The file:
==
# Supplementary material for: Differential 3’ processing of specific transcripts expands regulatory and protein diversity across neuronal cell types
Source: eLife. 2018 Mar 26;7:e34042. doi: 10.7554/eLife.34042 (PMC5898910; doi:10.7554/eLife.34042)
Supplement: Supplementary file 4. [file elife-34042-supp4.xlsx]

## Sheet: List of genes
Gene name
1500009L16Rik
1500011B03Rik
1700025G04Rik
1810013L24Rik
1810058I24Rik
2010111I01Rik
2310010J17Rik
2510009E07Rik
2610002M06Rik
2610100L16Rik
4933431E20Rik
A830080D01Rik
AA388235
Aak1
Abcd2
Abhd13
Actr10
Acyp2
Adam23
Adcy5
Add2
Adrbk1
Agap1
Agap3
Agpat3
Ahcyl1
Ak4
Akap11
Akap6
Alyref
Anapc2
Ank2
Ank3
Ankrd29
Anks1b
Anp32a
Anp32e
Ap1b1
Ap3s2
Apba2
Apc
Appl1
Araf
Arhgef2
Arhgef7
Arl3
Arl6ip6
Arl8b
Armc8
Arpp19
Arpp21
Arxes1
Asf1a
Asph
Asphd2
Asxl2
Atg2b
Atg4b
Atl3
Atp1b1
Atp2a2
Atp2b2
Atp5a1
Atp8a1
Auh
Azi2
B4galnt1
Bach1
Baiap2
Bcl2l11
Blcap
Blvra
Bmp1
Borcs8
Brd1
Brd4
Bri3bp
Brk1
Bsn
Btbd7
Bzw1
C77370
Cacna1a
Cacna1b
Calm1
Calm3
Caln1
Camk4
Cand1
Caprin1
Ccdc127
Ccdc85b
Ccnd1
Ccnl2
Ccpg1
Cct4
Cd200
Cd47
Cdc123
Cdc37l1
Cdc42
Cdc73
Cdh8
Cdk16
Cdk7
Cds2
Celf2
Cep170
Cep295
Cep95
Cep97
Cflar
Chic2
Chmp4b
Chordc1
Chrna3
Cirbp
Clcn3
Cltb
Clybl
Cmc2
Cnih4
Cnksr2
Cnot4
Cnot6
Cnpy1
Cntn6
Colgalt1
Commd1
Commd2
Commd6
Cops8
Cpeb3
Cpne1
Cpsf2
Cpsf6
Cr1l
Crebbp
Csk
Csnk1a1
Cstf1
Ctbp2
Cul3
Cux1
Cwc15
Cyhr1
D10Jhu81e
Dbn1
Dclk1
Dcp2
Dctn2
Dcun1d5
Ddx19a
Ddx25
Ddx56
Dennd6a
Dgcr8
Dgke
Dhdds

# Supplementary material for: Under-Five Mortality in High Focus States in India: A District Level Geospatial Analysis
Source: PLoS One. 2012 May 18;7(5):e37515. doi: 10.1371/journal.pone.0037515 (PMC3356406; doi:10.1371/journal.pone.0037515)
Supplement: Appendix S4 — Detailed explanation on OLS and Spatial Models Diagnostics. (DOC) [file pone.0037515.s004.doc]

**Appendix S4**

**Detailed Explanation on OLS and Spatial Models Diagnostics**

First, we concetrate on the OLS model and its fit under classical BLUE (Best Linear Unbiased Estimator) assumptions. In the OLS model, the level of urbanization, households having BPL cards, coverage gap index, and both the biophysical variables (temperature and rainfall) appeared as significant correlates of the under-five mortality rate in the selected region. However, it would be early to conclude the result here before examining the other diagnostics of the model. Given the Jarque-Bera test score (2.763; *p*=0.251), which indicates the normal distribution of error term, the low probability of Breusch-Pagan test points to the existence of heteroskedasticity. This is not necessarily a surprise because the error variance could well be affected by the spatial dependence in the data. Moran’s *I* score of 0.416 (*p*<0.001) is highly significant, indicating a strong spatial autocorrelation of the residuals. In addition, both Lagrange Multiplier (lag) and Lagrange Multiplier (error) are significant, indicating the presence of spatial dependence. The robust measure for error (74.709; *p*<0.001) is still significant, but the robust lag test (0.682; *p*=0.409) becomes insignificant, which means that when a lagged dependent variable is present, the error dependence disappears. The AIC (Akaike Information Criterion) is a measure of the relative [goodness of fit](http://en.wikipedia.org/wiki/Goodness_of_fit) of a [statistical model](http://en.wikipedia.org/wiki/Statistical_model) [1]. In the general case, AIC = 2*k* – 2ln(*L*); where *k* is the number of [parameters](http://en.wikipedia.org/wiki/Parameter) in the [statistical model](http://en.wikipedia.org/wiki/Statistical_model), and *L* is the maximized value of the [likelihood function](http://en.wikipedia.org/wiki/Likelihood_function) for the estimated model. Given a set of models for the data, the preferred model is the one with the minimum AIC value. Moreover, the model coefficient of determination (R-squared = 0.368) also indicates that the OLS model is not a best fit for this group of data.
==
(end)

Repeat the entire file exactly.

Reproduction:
# Supplementary material for: Differential 3’ processing of specific transcripts expands regulatory and protein diversity across neuronal cell types
Source: eLife. 2018 Mar 26;7:e34042. doi: 10.7554/eLife.34042 (PMC5898910; doi:10.7554/eLife.34042)
Supplement: Supplementary file 4. [file elife-34042-supp4.xlsx]

## Sheet: List of genes
Gene name
1500009L16Rik
1500011B03Rik
1700025G04Rik
1810013L24Rik
1810058I24Rik
2010111I01Rik
2310010J17Rik
2510009E07Rik
2610002M06Rik
2610100L16Rik
4933431E20Rik
A830080D01Rik
AA388235
Aak1
Abcd2
Abhd13
Actr10
Acyp2
Adam23
Adcy5
Add2
Adrbk1
Agap1
Agap3
Agpat3
Ahcyl1
Ak4
Akap11
Akap6
Alyref
Anapc2
Ank2
Ank3
Ankrd29
Anks1b
Anp32a
Anp32e
Ap1b1
Ap3s2
Apba2
Apc
Appl1
Araf
Arhgef2
Arhgef7
Arl3
Arl6ip6
Arl8b
Armc8
Arpp19
Arpp21
Arxes1
Asf1a
Asph
Asphd2
Asxl2
Atg2b
Atg4b
Atl3
Atp1b1
Atp2a2
Atp2b2
Atp5a1
Atp8a1
Auh
Azi2
B4galnt1
Bach1
Baiap2
Bcl2l11
Blcap
Blvra
Bmp1
Borcs8
Brd1
Brd4
Bri3bp
Brk1
Bsn
Btbd7
Bzw1
C77370
Cacna1a
Cacna1b
Calm1
Calm3
Caln1
Camk4
Cand1
Caprin1
Ccdc127
Ccdc85b
Ccnd1
Ccnl2
Ccpg1
Cct4
Cd200
Cd47
Cdc123
Cdc37l1
Cdc42
Cdc73
Cdh8
Cdk16
Cdk7
Cds2
Celf2
Cep170
Cep295
Cep95
Cep97
Cflar
Chic2
Chmp4b
Chordc1
Chrna3
Cirbp
Clcn3
Cltb
Clybl
Cmc2
Cnih4
Cnksr2
Cnot4
Cnot6
Cnpy1
Cntn6
Colgalt1
Commd1
Commd2
Commd6
Cops8
Cpeb3
Cpne1
Cpsf2
Cpsf6
Cr1l
Crebbp
Csk
Csnk1a1
Cstf1
Ctbp2
Cul3
Cux1
Cwc15
Cyhr1
D10Jhu81e
Dbn1
Dclk1
Dcp2
Dctn2
Dcun1d5
Ddx19a
Ddx25
Ddx56
Dennd6a
Dgcr8
Dgke
Dhdds

# Supplementary material for: Under-Five Mortality in High Focus States in India: A District Level Geospatial Analysis
Source: PLoS One. 2012 May 18;7(5):e37515. doi: 10.1371/journal.pone.0037515 (PMC3356406; doi:10.1371/journal.pone.0037515)
Supplement: Appendix S4 — Detailed explanation on OLS and Spatial Models Diagnostics. (DOC) [file pone.0037515.s004.doc]

**Appendix S4**

**Detailed Explanation on OLS and Spatial Models Diagnostics**

First, we concetrate on the OLS model and its fit under classical BLUE (Best Linear Unbiased Estimator) assumptions. In the OLS model, the level of urbanization, households having BPL cards, coverage gap index, and both the biophysical variables (temperature and rainfall) appeared as significant correlates of the under-five mortality rate in the selected region. However, it would be early to conclude the result here before examining the other diagnostics of the model. Given the Jarque-Bera test score (2.763; *p*=0.251), which indicates the normal distribution of error term, the low probability of Breusch-Pagan test points to the existence of heteroskedasticity. This is not necessarily a surprise because the error variance could well be affected by the spatial dependence in the data. Moran’s *I* score of 0.416 (*p*<0.001) is highly significant, indicating a strong spatial autocorrelation of the residuals. In addition, both Lagrange Multiplier (lag) and Lagrange Multiplier (error) are significant, indicating the presence of spatial dependence. The robust measure for error (74.709; *p*<0.001) is still significant, but the robust lag test (0.682; *p*=0.409) becomes insignificant, which means that when a lagged dependent variable is present, the error dependence disappears. The AIC (Akaike Information Criterion) is a measure of the relative [goodness of fit](http://en.wikipedia.org/wiki/Goodness_of_fit) of a [statistical model](http://en.wikipedia.org/wiki/Statistical_model) [1]. In the general case, AIC = 2*k* – 2ln(*L*); where *k* is the number of [parameters](http://en.wikipedia.org/wiki/Parameter) in the [statistical model](http://en.wikipedia.org/wiki/Statistical_model), and *L* is the maximized value of the [likelihood function](http://en.wikipedia.org/wiki/Likelihood_function) for the estimated model. Given a set of models for the data, the preferred model is the one with the minimum AIC value. Moreover, the model coefficient of determination (R-squared = 0.368) also indicates that the OLS model is not a best fit for this group of data.